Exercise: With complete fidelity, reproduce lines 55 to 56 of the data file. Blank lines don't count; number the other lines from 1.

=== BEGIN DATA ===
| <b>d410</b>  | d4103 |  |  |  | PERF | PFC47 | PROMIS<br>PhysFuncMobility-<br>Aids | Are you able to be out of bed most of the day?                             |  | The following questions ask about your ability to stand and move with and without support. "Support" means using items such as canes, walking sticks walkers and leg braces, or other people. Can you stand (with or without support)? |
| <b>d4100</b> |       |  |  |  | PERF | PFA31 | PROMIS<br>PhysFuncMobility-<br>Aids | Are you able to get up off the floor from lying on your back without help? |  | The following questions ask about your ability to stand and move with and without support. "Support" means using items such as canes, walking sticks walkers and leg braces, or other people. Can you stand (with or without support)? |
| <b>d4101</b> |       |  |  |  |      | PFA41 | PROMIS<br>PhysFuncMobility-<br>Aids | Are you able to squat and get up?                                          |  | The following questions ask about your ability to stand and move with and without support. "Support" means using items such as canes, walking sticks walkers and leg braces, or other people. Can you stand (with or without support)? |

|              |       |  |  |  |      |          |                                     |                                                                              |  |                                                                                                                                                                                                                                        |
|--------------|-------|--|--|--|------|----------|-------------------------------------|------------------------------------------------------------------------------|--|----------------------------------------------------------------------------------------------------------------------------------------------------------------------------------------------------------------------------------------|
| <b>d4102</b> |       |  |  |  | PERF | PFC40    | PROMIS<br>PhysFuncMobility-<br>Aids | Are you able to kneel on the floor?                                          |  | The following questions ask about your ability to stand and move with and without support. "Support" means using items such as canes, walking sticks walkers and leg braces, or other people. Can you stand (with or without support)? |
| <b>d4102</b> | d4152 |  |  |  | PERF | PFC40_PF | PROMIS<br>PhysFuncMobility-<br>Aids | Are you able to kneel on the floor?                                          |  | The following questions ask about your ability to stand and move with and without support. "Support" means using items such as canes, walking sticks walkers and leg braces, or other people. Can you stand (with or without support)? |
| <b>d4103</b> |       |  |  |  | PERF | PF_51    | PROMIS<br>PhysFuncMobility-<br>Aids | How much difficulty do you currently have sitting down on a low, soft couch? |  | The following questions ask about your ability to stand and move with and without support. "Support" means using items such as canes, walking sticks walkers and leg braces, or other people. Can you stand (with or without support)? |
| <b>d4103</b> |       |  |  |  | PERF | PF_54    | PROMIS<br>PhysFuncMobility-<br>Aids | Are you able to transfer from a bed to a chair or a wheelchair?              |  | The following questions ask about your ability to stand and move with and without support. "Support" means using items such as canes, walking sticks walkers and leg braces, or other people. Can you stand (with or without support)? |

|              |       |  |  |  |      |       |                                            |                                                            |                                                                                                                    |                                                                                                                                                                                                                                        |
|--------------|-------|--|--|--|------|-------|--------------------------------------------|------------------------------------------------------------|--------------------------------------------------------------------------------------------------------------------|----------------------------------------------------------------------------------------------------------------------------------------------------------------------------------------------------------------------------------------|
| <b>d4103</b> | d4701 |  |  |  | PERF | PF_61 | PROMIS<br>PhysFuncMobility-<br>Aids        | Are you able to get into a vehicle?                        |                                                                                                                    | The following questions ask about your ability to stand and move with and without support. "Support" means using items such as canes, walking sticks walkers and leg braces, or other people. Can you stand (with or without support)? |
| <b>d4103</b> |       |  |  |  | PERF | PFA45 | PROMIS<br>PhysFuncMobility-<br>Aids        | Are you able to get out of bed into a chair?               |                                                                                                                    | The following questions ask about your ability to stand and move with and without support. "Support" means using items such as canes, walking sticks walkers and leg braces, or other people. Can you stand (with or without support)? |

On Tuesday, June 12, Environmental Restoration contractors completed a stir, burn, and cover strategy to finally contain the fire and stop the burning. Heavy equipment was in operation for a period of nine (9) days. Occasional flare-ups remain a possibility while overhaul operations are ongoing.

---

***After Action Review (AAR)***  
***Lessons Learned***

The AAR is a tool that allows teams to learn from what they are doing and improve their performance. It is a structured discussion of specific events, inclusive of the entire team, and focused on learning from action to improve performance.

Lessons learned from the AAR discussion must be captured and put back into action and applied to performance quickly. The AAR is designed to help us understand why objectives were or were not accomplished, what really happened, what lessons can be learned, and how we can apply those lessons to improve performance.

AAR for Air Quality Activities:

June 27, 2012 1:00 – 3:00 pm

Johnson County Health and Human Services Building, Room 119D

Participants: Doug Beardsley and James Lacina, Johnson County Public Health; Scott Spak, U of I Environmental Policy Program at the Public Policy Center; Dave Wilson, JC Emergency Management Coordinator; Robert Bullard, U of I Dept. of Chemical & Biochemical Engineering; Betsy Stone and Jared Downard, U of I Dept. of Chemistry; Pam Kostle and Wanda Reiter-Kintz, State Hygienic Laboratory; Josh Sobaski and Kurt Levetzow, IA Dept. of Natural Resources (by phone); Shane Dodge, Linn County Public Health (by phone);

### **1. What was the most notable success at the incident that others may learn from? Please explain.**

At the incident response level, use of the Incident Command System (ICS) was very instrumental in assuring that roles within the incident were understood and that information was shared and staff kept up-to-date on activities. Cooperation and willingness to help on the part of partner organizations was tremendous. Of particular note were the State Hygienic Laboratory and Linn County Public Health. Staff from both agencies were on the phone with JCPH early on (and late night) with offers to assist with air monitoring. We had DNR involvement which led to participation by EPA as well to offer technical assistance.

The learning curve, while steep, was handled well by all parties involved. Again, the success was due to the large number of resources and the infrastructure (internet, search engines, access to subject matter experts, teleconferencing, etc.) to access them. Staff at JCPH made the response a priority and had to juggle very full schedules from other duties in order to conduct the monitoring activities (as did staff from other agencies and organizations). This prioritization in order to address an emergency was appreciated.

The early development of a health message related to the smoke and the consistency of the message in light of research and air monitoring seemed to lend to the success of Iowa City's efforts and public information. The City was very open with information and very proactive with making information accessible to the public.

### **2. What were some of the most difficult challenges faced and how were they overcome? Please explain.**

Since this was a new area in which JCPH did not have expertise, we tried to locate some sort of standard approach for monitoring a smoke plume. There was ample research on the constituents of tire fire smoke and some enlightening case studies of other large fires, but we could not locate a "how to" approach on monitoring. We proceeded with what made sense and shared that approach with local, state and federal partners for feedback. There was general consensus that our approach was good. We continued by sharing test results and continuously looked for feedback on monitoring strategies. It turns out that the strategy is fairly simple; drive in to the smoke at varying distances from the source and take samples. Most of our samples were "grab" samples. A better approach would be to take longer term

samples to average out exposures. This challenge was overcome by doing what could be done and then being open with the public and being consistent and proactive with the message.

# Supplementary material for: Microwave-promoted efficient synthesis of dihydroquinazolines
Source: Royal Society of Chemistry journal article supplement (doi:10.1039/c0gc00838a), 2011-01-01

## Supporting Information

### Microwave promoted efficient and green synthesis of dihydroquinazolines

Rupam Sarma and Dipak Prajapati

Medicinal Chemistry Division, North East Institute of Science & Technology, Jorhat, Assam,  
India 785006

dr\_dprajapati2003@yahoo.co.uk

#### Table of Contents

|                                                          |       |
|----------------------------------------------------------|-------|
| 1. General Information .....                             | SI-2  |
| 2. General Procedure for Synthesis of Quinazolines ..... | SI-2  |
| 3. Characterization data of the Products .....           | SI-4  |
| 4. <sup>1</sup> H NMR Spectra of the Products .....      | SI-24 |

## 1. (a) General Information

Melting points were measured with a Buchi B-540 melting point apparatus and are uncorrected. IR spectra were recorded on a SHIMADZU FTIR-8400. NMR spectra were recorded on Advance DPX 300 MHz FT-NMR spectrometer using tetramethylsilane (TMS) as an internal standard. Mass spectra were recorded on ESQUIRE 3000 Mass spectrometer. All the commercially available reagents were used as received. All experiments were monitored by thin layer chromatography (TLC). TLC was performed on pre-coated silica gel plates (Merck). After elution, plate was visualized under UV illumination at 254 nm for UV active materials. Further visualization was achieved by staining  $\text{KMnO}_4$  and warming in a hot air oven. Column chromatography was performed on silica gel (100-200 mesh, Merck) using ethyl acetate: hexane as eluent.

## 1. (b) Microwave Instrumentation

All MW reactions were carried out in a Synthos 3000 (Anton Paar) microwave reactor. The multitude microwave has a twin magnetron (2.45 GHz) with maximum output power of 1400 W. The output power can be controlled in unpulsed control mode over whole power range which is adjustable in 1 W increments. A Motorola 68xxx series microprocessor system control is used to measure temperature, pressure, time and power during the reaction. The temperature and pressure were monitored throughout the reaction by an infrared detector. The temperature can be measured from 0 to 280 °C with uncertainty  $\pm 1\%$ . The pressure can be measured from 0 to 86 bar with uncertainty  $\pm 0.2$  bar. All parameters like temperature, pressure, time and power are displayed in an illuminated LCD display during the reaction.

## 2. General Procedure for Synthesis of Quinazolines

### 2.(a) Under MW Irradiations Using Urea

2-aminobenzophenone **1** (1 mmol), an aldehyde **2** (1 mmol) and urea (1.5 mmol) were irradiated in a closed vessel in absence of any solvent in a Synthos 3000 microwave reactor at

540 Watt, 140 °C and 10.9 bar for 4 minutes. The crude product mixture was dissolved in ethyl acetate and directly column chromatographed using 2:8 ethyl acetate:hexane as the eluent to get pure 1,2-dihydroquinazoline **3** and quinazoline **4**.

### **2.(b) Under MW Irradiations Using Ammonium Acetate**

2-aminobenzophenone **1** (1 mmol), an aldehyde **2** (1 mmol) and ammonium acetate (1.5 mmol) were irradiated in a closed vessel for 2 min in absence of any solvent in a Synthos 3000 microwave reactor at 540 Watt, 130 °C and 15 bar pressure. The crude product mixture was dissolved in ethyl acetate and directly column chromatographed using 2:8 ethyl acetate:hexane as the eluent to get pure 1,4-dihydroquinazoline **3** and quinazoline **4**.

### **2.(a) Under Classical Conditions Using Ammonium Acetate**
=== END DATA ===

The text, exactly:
2-aminobenzophenone **1** (1 mmol), an aldehyde **2** (1 mmol) and ammonium acetate (1.5 mmol) were irradiated in a closed vessel for 2 min in absence of any solvent in a Synthos 3000 microwave reactor at 540 Watt, 130 °C and 15 bar pressure. The crude product mixture was dissolved in ethyl acetate and directly column chromatographed using 2:8 ethyl acetate:hexane as the eluent to get pure 1,4-dihydroquinazoline **3** and quinazoline **4**.

### **2.(a) Under Classical Conditions Using Ammonium Acetate**